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You will please bear with me for not being whimsical or profound or very creative today. I have two daughters in the path of Hurricane Florence. (My husband, on an extended business trip in N. Carolina, took heed and flew out in time.) Cait feels she is now a bit safer than thought in Williamsburg, Virginia as she continues her work as a chaplain though she is not far from the Atlantic. Naomi evacuated to the northwestern corner of S. Carolina, leaving her work as art professor and her home in Columbia. It is the relentless rain that is now ruining and will damage or destroy so much, endanger untold numbers and vast amounts of property as this system, now a tropical storm, very slowly rotates across the Southeastern states and then northward (we think). Rainfall is catastrophic in many areas already; storm surges are major issues along with wind gusts still up to 70- 90 mph in places and tornadoes are developing, as well. Over 900,000 people are without power at this moment, and four have died. And the last I heard, over 1.9 million had been evacuated  but there were countless others who stayed behind. I certainly worry about my children but I am very concerned for all the others, their safety and loss of their homes and businesses. The first deaths have brought me tears, an ache of sadness. These next weeks at very least will be unbelievably challenging.

We know about long, hard rains in the Pacific Northwest, how they easily flood our many rivers and create sudden mudslides, erode coastal lands as well as other acreage, take down aged, mighty trees and invade homes. But I have never been in a hurricane or tropical storm. And it is daunting and disheartening  to think of, yet it weighs on my mind all day, each day.

I offer you, however, a few photos of the astonishing loveliness of nature this time of year in many locales. I cling to the mysteries and attractions. As we try to cope with significant climate changes that engender big events all over the world, we need to never lose sight of how nourishing, exquisite and complex a living entity this planet earth is, despite the destructive impact of other powerful actions/reactions.

And we love her so, cannot help it despite the growing perils; this is our human abode. Do we truly know what we have here? We must learn all we can, hold on to what we have and to hope, respectfully avail ourselves of bounties and wonders, and work to help in even small ways to abate ongoing threats to such abundance.

Thank you for prayers offered all those endangered–not only in the U.S but everywhere that undergoes such catastrophic shifts and losses. We cannot  abandon our spiritual strength, no matter our belief,  in times such as these. Together we must keep on.Day 6 Interlochen, Leelenau 279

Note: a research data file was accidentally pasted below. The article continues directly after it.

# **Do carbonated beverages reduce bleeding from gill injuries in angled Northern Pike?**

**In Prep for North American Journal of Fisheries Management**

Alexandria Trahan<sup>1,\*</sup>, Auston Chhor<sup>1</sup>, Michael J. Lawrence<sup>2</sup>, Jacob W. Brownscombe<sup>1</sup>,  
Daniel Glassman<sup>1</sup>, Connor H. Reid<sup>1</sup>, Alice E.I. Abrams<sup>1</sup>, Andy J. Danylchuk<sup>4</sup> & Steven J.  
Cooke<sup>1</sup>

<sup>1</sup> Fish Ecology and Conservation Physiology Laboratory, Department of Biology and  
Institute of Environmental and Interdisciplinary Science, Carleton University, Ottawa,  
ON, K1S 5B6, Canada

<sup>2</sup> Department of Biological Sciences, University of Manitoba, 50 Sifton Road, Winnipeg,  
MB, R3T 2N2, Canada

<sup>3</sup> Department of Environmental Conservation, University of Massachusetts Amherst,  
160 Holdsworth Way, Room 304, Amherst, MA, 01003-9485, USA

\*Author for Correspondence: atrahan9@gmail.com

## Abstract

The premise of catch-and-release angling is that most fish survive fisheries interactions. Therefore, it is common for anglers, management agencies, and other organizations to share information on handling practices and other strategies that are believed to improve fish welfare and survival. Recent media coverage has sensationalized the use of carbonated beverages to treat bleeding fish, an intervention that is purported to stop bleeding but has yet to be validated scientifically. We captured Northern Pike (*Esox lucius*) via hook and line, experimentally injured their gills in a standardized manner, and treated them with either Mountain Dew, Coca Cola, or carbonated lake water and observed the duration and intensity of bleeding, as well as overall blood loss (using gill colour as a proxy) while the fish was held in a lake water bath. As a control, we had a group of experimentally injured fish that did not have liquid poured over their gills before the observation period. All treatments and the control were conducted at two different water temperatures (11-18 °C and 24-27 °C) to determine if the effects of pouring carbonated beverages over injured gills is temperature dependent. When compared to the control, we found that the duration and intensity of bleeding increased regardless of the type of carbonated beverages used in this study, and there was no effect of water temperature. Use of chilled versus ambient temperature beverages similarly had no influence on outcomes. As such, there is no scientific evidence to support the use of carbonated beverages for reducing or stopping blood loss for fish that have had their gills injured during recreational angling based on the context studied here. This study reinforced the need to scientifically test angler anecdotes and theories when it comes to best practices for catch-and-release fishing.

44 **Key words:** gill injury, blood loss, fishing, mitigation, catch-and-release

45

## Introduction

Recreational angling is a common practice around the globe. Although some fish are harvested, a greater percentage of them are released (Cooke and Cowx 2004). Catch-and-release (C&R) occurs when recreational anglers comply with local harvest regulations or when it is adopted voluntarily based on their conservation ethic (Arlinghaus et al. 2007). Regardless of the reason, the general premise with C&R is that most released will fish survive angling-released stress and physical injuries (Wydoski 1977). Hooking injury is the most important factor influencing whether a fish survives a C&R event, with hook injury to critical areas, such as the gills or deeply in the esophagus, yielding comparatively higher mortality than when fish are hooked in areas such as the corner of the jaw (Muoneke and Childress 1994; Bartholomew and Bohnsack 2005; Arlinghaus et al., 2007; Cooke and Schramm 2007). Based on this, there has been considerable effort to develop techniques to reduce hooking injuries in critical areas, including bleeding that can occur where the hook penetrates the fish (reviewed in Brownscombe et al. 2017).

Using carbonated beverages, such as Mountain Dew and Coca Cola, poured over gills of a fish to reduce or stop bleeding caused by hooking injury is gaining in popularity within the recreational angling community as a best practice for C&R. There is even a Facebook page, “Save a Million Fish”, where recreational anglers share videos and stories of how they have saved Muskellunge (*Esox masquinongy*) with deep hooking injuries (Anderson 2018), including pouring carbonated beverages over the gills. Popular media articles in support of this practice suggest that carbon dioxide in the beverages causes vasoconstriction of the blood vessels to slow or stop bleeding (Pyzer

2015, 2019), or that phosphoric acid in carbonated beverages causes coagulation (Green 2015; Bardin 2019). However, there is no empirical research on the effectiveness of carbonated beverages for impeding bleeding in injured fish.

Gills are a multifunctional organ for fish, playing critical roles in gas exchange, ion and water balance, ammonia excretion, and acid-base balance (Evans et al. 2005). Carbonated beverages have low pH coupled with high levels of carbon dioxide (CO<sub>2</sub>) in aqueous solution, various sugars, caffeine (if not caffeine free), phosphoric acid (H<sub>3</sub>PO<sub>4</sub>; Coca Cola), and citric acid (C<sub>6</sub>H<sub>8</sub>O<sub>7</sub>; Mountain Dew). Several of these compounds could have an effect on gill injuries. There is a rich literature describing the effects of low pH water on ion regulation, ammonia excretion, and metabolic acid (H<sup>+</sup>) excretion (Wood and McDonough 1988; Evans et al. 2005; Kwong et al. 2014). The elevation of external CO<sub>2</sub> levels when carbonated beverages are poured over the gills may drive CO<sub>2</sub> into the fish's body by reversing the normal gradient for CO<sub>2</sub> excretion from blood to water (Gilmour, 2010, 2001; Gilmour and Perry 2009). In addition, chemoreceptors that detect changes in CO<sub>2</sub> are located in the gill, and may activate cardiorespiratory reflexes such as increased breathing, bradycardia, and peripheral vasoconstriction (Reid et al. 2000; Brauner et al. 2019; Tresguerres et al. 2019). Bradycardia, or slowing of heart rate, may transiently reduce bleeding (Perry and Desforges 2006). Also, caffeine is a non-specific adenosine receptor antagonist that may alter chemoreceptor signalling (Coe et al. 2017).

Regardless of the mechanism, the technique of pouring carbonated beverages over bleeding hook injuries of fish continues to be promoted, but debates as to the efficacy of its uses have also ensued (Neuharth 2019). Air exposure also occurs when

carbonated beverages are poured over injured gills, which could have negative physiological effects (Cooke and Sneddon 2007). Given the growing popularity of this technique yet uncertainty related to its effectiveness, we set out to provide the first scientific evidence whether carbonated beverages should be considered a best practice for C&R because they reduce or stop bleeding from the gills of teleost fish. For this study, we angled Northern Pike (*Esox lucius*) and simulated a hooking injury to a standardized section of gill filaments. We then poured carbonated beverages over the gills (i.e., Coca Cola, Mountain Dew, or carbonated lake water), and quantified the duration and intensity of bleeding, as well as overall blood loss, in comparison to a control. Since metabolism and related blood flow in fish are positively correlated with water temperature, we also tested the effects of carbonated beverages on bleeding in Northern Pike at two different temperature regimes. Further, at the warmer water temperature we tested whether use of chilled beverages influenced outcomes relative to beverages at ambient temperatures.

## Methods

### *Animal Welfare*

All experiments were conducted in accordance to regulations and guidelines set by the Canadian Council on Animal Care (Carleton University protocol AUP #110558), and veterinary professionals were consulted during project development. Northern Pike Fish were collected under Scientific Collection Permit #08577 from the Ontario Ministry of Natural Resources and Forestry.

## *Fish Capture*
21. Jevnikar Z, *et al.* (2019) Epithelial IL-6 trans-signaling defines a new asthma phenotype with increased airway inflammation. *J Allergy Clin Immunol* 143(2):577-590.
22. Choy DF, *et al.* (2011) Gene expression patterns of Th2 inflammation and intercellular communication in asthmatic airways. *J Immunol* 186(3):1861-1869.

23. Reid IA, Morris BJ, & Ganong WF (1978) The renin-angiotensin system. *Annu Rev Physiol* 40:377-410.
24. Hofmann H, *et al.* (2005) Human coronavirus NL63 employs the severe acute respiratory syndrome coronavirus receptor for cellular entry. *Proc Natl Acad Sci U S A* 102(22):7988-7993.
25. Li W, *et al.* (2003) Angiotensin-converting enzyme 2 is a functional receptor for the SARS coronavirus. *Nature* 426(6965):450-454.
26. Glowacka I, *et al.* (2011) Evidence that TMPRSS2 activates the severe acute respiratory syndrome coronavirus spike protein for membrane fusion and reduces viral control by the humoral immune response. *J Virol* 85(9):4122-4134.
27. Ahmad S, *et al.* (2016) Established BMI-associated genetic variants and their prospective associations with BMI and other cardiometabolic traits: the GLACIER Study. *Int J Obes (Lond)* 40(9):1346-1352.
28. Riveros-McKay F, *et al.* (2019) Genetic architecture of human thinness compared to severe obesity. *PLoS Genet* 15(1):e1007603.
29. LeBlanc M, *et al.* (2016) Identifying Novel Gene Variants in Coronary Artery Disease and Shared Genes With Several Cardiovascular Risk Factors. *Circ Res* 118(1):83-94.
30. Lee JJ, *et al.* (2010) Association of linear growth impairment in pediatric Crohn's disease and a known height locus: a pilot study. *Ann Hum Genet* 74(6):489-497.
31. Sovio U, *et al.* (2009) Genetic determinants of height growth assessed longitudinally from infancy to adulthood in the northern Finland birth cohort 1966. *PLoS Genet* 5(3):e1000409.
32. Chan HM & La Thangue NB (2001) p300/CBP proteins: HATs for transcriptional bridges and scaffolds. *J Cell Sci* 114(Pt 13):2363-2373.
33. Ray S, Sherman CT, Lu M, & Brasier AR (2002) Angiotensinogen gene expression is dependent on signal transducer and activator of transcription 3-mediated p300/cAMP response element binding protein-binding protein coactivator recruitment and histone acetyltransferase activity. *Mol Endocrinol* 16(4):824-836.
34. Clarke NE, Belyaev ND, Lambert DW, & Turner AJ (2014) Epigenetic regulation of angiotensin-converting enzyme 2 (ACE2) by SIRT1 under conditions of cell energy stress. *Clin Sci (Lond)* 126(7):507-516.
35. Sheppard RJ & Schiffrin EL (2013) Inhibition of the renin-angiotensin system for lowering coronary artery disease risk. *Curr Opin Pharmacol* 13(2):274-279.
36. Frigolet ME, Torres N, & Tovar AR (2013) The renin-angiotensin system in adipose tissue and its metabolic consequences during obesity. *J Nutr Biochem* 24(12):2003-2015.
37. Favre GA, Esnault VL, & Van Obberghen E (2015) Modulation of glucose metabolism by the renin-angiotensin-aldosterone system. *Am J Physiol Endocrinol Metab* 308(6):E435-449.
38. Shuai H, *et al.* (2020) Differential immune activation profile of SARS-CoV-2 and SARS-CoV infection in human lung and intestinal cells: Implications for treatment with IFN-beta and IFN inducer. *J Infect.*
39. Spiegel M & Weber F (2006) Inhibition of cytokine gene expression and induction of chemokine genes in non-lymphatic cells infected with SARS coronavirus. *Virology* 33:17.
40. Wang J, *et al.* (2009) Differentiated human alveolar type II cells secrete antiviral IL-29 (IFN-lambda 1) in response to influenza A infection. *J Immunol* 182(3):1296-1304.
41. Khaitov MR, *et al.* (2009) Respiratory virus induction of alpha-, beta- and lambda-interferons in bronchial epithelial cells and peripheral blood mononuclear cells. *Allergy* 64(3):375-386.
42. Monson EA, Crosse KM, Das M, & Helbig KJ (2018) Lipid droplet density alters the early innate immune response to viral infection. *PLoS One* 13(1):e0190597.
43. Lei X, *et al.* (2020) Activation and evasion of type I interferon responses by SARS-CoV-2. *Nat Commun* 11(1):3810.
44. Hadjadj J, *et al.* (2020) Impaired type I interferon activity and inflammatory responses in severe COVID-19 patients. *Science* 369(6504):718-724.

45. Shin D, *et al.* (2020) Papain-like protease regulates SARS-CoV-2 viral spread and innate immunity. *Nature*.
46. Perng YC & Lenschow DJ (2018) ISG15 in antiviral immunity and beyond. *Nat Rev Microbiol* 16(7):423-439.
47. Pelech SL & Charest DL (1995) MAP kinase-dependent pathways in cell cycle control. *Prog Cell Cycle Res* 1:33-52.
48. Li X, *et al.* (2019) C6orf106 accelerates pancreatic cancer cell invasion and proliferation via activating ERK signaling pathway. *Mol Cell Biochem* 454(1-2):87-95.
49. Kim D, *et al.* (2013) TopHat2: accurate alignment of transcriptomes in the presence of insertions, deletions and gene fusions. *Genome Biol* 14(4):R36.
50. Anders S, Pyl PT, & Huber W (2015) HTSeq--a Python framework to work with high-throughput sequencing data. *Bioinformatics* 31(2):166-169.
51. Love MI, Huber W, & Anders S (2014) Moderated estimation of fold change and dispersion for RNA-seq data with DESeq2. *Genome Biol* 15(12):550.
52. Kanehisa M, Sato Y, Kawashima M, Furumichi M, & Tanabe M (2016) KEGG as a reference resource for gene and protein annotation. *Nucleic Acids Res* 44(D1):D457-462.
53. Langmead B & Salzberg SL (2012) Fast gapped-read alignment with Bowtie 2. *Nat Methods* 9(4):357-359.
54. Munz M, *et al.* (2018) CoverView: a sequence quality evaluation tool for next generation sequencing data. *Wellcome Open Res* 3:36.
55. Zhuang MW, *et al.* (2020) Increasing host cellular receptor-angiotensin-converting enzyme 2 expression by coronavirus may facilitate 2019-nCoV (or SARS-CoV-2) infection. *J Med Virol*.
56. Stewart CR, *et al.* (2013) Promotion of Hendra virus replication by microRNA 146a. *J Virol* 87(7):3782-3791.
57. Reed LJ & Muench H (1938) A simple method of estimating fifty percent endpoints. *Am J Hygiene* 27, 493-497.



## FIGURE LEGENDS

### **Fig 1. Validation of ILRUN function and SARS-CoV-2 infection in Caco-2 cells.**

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Friday’s Quick Pick: The Falls that Felled Me

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The Columbia River Gorge (All photos, Cynthia Guenther Richardson 2018)

Every year I revisit Bridal Veil Falls where, in 2001 while hiking, I experienced the heart event that garnered me a diagnosis of aggressive coronary artery disease. I was literally brought to my knees by the proverbial “elephant on the chest” that gorgeous early September afternoon. I was 51; my doctors were not optimistic about the future. After stent implants I entered a difficult period in body and soul, but labored long and hard to regain health. It’s possible to take this disease in hand, and for the heart to become even stronger.

It’s been a thrill to once more vigorously hike the trails in Columbia River Gorge as I please. As I trek to the Bridal Veil Falls especially, it is easy to count abundant gifts of life with deep gratitude. The pictures posted are of that waterfall. At the top of the steps to a viewing platform, I collapsed. For a couple of years following my fateful hike this trail frightened me and I could not face it down. Soon I had had enough of intimidation and began to seek it out in August or September to celebrate staying alive. I am about set to head out this year once more.

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Last visit in 2017, so glad to be there again

I love it there: the heady scents of damp earth and dense forest, the rush of water and wind-singing leaves, the birds chorusing and my heart and feet and legs carrying me up and down the rocky paths. I love that the place remains in its wild variations, its cyclical nature and its impartial acceptance of my visitations. I am filled with more joy each year I set out on the trail to Bridal Veil Falls.

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(If you are interested in learning more about heart disease, as well as recovery and health maintenance please search for my series entitled “Heart Chronicles” on this blog.)